Winter Indoor Herb Garden


| 12/5/2012 9:48:00 AM


Tags: herbs, indoor gardening, growing herbs, winter, houseplants, Susan Berry,

Just because Summer is gone doesn't mean you can't have the taste of Summer fresh herbs this time of year. Fresh herbs are very pricey in the supermarket so why not grow your own indoors this Winter? When Spring comes back, and it always does, simply harden your indoor herb plants off over a week or two and then plant in the garden outdoors for continued growth over the Summer. Here are some of my favorite herbs to grow indoors. Try one of these or a few and have herbs for soups, stews, salads, herb crusted breads, all Winter long.
 Indoor Herb Garden 

Lemongrass: Technically, you don’t even grow lemongrass, in that it’s not planted in soil, making this one incredibly easy herb to keep in the house. When buying a stalk at your local market, look for plenty of stem and make sure the base is intact. Trim the top and place the stalk in a couple inches of water. The stalk will produce roots and dozens of new shoots. Lemongrass is found in many Asian recipes. It is light and refreshing in flavor with a lemony appeal.

Chives: These are one of the easiest herbs to grow indoors, as they do not require much light and are prolific in their production. Chives are easiest to start from an already-established plant. Just pull up a bunch from the established plant (including the roots), place it in a small pot half-full of potting soil, then cover the roots up to the crowns with more potting soil. Cut about one-third of growth off the top to stimulate new growth. Who can resist some flavorful chives on their baked potato? Or make your own onion and chive veggie dip.

Mint: Both spearmint and peppermint literally grow like weeds. They’re both very hearty and very invasive, meaning that they can quickly choke out other herbs. Keep in mind that a lot of spearmint is required to produce the same minty effect as peppermint, so if you’re growing it indoors, where space is limited and harvesting is frequent, peppermint is the better option. Start your peppermint plant with seeds—not root or leaf cuttings—in a small pot full of potting soil. Peppermint will thrive in shade, but make sure it’s in a spot where it gets at least a little bit of light each day. After living in the South for 10 years I still like to drink ice tea year round and one of my favorite additions to tea, hot or iced, is mint.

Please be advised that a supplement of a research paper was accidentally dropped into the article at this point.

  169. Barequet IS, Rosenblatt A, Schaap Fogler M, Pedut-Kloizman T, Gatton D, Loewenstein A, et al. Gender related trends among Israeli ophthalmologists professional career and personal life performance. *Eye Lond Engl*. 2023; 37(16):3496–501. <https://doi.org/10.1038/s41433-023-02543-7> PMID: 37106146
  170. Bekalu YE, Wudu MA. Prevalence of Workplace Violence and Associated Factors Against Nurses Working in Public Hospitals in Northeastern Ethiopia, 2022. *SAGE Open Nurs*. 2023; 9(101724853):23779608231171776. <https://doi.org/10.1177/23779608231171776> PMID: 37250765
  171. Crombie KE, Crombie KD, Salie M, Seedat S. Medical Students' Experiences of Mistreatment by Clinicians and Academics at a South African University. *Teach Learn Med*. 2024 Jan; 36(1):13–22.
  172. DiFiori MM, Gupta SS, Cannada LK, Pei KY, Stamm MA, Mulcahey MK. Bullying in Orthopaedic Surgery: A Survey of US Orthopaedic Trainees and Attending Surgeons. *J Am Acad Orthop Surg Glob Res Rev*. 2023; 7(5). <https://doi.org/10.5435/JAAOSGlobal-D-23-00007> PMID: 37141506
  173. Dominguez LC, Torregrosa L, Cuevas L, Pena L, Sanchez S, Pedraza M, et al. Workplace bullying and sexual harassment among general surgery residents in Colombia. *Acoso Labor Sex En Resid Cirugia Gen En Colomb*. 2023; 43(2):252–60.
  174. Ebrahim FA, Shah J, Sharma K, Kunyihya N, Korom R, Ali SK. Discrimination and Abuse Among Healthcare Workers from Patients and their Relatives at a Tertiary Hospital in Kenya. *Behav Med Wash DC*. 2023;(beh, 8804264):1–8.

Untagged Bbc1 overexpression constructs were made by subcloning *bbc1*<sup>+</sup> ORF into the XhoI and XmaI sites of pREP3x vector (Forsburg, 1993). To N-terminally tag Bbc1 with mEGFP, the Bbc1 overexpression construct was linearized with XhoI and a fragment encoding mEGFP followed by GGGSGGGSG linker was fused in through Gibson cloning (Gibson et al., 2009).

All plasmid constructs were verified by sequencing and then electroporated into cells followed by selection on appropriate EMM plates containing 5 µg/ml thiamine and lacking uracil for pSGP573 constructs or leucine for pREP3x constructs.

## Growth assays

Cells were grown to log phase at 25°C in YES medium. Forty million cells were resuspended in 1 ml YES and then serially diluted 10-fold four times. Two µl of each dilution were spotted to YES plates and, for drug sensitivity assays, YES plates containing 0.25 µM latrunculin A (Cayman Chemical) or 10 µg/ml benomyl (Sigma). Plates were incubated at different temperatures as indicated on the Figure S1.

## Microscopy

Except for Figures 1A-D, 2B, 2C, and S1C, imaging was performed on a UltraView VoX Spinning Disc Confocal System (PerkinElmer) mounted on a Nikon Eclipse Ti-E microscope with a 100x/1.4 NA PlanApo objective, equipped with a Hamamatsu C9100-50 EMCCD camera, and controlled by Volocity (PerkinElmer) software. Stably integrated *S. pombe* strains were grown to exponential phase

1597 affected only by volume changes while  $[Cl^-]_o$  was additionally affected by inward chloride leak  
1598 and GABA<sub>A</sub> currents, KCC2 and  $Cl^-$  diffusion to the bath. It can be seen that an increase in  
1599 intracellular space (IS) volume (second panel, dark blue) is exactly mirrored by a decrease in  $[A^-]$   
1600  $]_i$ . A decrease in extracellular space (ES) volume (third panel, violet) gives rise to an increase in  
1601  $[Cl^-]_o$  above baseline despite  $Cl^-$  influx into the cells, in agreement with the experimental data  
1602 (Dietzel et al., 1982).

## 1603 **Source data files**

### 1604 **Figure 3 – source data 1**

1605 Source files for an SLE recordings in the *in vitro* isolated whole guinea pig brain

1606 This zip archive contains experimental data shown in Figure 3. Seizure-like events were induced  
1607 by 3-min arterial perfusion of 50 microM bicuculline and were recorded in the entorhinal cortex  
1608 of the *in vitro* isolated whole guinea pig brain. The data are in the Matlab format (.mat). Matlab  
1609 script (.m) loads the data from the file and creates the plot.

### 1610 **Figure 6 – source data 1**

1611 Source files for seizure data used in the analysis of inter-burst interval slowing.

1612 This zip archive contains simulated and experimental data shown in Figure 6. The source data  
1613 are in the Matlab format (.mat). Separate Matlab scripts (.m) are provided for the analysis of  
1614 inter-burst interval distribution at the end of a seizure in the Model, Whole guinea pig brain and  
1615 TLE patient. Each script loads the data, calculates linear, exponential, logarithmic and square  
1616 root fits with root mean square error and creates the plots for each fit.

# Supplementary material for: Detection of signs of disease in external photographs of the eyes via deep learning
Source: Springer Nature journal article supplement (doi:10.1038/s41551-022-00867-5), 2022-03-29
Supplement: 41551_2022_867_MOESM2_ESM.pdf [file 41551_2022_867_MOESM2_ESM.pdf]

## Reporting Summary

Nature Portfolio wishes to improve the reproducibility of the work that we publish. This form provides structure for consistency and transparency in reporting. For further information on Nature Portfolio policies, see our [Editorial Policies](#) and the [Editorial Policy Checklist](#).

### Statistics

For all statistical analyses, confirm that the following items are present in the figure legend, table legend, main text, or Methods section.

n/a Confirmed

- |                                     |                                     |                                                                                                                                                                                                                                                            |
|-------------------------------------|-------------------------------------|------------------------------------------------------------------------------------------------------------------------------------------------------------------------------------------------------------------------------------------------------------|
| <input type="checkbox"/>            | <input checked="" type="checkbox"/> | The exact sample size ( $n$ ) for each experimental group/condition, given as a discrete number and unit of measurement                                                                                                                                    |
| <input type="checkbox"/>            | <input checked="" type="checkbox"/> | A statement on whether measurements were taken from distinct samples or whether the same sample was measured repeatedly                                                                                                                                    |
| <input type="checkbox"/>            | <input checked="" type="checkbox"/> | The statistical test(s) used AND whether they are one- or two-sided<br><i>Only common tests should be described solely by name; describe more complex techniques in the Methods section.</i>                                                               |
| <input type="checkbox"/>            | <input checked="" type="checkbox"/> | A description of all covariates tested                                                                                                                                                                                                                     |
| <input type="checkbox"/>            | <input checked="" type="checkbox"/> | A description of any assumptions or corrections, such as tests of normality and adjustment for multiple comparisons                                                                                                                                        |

Parsley: Parsley is one of the most commonly used herbs and is very easy to grow, though the seeds can be difficult to germinate and may take up to two weeks to see results. Parsley doesn’t require much light or maintenance once you get it started. Keep in mind, though, that this plant is a fairly slow grower, so initial clippings will not harvest a lot. Parsley is said to be good for an upset tummy and as a breath freshener. It is also lovely as a garnish and gives a fresh flavor to potato salad and sauces.

Oregano: The Greek variety of oregano is easiest to grow; however all oregano requires six to eight hours of sunlight per day, so a well-lit window—particularly one with southwestern sun exposure—is best. As an herb in sauces for pizza or any Italian dish, oregano is a staple.

SUSAN BERRY
12/8/2012 3:41:26 AM

Hi Dave, My favorites are basil and thyme and rosemary. I would suggest starting from seed or getting some small plants that have been inside already. Places like Lowe's or supermarkets usually have them in pots. I prefer starting seeds, then you know how they have been raised from the start. If I had to pick just one I would say basil.


NEBRASKA DAVE
12/7/2012 1:02:02 AM

Susan, I've never tried cooking with herbs. My seasoning is not much past onion, garlic, and Mrs. Dash. I know, I'm pretty boring when it comes to eating. I would like to test out the culinary herb world. Which one would you suggest I try first? Have a great Winter herb garden day.





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